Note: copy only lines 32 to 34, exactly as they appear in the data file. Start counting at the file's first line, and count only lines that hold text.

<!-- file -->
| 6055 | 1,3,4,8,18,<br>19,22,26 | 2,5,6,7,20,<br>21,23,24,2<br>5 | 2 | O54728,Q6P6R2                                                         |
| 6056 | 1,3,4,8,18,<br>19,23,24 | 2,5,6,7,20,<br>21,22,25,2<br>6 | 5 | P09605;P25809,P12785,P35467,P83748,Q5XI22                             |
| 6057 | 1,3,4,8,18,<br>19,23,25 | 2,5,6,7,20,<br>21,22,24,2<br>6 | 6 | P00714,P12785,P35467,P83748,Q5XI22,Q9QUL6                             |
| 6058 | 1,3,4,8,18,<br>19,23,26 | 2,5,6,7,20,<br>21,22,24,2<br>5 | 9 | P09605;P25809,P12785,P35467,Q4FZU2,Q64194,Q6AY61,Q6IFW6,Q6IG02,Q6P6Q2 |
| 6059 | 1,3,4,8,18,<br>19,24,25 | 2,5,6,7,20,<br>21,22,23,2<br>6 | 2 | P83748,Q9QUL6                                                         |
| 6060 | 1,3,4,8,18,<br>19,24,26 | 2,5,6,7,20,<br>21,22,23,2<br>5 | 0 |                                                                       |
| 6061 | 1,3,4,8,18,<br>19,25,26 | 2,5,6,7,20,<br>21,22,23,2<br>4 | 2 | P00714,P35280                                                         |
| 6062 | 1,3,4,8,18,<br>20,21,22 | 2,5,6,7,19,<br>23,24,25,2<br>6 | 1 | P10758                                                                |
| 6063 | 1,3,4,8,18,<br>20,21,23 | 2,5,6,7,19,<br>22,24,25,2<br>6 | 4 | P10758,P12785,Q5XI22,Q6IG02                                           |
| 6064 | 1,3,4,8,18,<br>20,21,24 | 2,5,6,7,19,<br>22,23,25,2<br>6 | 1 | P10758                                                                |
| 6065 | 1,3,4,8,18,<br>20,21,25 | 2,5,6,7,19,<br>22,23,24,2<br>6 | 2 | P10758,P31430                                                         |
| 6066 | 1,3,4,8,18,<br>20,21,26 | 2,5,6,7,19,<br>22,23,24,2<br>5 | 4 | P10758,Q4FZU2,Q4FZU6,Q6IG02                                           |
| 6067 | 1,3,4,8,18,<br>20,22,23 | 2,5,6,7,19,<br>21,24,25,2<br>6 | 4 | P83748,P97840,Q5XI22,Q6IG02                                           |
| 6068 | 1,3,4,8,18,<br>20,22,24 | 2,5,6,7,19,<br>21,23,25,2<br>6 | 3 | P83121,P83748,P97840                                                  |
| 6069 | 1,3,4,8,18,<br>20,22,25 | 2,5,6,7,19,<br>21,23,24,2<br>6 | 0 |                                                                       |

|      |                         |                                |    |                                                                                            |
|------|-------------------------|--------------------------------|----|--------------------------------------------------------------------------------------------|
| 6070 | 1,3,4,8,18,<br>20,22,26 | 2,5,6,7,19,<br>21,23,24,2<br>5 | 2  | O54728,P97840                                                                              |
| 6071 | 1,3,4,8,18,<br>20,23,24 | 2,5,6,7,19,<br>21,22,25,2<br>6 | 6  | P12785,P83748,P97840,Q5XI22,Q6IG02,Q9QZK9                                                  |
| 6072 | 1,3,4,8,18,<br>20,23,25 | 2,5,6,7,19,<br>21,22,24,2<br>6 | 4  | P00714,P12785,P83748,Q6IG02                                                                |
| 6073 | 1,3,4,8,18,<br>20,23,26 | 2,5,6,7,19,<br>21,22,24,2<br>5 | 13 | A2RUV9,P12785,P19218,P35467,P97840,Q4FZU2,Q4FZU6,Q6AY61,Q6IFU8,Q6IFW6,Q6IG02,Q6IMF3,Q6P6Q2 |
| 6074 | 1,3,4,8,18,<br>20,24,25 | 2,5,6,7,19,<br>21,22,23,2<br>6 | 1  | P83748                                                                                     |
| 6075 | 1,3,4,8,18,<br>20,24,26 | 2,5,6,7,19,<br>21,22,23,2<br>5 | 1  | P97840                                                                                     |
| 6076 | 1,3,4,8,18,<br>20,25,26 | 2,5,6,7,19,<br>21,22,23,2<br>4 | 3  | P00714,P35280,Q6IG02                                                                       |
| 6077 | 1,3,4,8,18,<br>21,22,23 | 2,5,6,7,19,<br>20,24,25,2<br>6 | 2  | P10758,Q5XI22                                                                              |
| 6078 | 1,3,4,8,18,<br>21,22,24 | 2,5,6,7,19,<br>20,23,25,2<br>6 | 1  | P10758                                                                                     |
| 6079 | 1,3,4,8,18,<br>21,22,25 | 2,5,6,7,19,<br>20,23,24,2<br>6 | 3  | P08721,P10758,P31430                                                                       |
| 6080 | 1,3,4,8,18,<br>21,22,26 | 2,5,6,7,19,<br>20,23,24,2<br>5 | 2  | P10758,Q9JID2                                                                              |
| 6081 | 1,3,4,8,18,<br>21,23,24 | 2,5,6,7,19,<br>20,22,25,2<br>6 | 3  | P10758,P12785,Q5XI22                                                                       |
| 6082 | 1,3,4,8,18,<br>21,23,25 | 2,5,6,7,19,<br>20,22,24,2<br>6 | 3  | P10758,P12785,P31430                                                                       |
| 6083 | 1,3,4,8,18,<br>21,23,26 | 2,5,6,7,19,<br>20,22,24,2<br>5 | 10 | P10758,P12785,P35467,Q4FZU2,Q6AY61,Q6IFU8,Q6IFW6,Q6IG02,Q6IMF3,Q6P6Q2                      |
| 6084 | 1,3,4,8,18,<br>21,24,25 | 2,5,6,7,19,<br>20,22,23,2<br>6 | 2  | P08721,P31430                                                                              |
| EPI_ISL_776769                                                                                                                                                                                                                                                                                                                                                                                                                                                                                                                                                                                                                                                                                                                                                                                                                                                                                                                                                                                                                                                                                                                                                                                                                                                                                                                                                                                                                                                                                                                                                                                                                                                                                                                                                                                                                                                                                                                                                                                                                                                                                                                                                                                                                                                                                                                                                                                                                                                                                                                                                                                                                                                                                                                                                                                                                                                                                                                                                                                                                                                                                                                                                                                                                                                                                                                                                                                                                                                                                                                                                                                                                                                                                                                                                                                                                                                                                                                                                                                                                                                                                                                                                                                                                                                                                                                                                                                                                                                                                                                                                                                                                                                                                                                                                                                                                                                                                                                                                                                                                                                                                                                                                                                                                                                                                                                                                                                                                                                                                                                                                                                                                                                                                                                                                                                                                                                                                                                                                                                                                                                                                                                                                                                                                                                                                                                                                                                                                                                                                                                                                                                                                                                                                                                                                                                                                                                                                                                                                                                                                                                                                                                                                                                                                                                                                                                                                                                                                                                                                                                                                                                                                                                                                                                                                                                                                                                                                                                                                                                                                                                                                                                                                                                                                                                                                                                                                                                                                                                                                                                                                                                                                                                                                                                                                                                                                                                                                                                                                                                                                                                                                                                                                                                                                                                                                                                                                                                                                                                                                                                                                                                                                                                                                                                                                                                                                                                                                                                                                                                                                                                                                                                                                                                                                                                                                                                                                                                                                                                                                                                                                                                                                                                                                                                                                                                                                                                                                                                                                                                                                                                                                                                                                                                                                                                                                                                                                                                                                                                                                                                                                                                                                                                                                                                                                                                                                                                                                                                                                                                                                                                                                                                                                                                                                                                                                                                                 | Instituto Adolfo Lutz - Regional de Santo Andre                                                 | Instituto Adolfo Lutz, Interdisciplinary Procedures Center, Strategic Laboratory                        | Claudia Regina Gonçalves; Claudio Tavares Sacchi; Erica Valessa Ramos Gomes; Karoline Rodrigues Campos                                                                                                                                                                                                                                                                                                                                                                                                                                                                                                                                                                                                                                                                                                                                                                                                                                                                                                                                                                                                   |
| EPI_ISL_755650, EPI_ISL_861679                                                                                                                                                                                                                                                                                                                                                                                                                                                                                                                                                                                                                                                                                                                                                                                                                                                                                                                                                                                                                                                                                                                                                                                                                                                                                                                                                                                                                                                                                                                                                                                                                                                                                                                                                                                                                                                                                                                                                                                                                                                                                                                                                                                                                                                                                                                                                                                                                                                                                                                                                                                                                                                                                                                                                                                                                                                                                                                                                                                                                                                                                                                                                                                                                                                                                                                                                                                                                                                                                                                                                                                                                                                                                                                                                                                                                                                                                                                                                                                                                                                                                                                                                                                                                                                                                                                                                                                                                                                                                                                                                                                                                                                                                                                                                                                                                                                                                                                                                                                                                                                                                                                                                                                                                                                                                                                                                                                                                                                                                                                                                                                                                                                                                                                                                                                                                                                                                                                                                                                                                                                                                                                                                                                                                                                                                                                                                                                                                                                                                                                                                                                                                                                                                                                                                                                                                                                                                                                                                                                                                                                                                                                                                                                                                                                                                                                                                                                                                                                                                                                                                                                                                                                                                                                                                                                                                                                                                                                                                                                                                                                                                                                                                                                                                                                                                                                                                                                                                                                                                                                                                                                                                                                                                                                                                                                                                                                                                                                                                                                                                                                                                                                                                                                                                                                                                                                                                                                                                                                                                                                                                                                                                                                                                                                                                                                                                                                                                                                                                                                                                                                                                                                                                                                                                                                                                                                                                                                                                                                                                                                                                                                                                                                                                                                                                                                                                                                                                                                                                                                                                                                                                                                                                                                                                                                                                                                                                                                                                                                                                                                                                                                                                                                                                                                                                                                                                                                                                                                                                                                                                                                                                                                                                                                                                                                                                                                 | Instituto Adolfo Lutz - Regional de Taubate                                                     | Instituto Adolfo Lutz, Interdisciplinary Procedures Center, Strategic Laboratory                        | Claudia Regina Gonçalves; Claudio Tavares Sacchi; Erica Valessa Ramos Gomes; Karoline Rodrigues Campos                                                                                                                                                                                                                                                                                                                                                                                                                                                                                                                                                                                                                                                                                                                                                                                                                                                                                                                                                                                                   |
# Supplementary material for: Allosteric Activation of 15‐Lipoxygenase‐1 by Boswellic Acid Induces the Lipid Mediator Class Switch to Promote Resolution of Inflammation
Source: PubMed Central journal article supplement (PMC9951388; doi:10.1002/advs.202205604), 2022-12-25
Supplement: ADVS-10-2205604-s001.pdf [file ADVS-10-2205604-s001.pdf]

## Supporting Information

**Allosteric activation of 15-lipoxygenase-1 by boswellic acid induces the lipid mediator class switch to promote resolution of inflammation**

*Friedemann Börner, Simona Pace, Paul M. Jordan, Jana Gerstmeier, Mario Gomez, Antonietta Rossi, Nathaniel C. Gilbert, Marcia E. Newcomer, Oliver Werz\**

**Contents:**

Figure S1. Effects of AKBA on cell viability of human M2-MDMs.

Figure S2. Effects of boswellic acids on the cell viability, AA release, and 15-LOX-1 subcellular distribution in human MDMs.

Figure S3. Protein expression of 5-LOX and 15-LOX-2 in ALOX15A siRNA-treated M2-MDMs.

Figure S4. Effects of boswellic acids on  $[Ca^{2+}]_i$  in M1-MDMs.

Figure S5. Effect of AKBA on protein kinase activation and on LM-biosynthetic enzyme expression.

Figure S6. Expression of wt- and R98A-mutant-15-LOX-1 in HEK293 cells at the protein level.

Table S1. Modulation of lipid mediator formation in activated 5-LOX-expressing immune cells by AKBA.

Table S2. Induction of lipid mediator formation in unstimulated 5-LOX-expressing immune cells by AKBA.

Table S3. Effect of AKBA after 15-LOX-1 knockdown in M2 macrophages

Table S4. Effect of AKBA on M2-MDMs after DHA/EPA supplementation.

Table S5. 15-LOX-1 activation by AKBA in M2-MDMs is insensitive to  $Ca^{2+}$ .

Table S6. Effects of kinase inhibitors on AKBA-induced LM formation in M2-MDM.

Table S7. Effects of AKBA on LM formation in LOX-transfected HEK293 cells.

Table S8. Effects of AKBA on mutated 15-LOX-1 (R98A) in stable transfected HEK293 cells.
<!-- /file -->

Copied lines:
| 6084 | 1,3,4,8,18,<br>21,24,25 | 2,5,6,7,19,<br>20,22,23,2<br>6 | 2  | P08721,P31430                                                                              |
| EPI_ISL_776769                                                                                                                                                                                                                                                                                                                                                                                                                                                                                                                                                                                                                                                                                                                                                                                                                                                                                                                                                                                                                                                                                                                                                                                                                                                                                                                                                                                                                                                                                                                                                                                                                                                                                                                                                                                                                                                                                                                                                                                                                                                                                                                                                                                                                                                                                                                                                                                                                                                                                                                                                                                                                                                                                                                                                                                                                                                                                                                                                                                                                                                                                                                                                                                                                                                                                                                                                                                                                                                                                                                                                                                                                                                                                                                                                                                                                                                                                                                                                                                                                                                                                                                                                                                                                                                                                                                                                                                                                                                                                                                                                                                                                                                                                                                                                                                                                                                                                                                                                                                                                                                                                                                                                                                                                                                                                                                                                                                                                                                                                                                                                                                                                                                                                                                                                                                                                                                                                                                                                                                                                                                                                                                                                                                                                                                                                                                                                                                                                                                                                                                                                                                                                                                                                                                                                                                                                                                                                                                                                                                                                                                                                                                                                                                                                                                                                                                                                                                                                                                                                                                                                                                                                                                                                                                                                                                                                                                                                                                                                                                                                                                                                                                                                                                                                                                                                                                                                                                                                                                                                                                                                                                                                                                                                                                                                                                                                                                                                                                                                                                                                                                                                                                                                                                                                                                                                                                                                                                                                                                                                                                                                                                                                                                                                                                                                                                                                                                                                                                                                                                                                                                                                                                                                                                                                                                                                                                                                                                                                                                                                                                                                                                                                                                                                                                                                                                                                                                                                                                                                                                                                                                                                                                                                                                                                                                                                                                                                                                                                                                                                                                                                                                                                                                                                                                                                                                                                                                                                                                                                                                                                                                                                                                                                                                                                                                                                                                                 | Instituto Adolfo Lutz - Regional de Santo Andre                                                 | Instituto Adolfo Lutz, Interdisciplinary Procedures Center, Strategic Laboratory                        | Claudia Regina Gonçalves; Claudio Tavares Sacchi; Erica Valessa Ramos Gomes; Karoline Rodrigues Campos                                                                                                                                                                                                                                                                                                                                                                                                                                                                                                                                                                                                                                                                                                                                                                                                                                                                                                                                                                                                   |
| EPI_ISL_755650, EPI_ISL_861679                                                                                                                                                                                                                                                                                                                                                                                                                                                                                                                                                                                                                                                                                                                                                                                                                                                                                                                                                                                                                                                                                                                                                                                                                                                                                                                                                                                                                                                                                                                                                                                                                                                                                                                                                                                                                                                                                                                                                                                                                                                                                                                                                                                                                                                                                                                                                                                                                                                                                                                                                                                                                                                                                                                                                                                                                                                                                                                                                                                                                                                                                                                                                                                                                                                                                                                                                                                                                                                                                                                                                                                                                                                                                                                                                                                                                                                                                                                                                                                                                                                                                                                                                                                                                                                                                                                                                                                                                                                                                                                                                                                                                                                                                                                                                                                                                                                                                                                                                                                                                                                                                                                                                                                                                                                                                                                                                                                                                                                                                                                                                                                                                                                                                                                                                                                                                                                                                                                                                                                                                                                                                                                                                                                                                                                                                                                                                                                                                                                                                                                                                                                                                                                                                                                                                                                                                                                                                                                                                                                                                                                                                                                                                                                                                                                                                                                                                                                                                                                                                                                                                                                                                                                                                                                                                                                                                                                                                                                                                                                                                                                                                                                                                                                                                                                                                                                                                                                                                                                                                                                                                                                                                                                                                                                                                                                                                                                                                                                                                                                                                                                                                                                                                                                                                                                                                                                                                                                                                                                                                                                                                                                                                                                                                                                                                                                                                                                                                                                                                                                                                                                                                                                                                                                                                                                                                                                                                                                                                                                                                                                                                                                                                                                                                                                                                                                                                                                                                                                                                                                                                                                                                                                                                                                                                                                                                                                                                                                                                                                                                                                                                                                                                                                                                                                                                                                                                                                                                                                                                                                                                                                                                                                                                                                                                                                                                                                 | Instituto Adolfo Lutz - Regional de Taubate                                                     | Instituto Adolfo Lutz, Interdisciplinary Procedures Center, Strategic Laboratory                        | Claudia Regina Gonçalves; Claudio Tavares Sacchi; Erica Valessa Ramos Gomes; Karoline Rodrigues Campos                                                                                                                                                                                                                                                                                                                                                                                                                                                                                                                                                                                                                                                                                                                                                                                                                                                                                                                                                                                                   |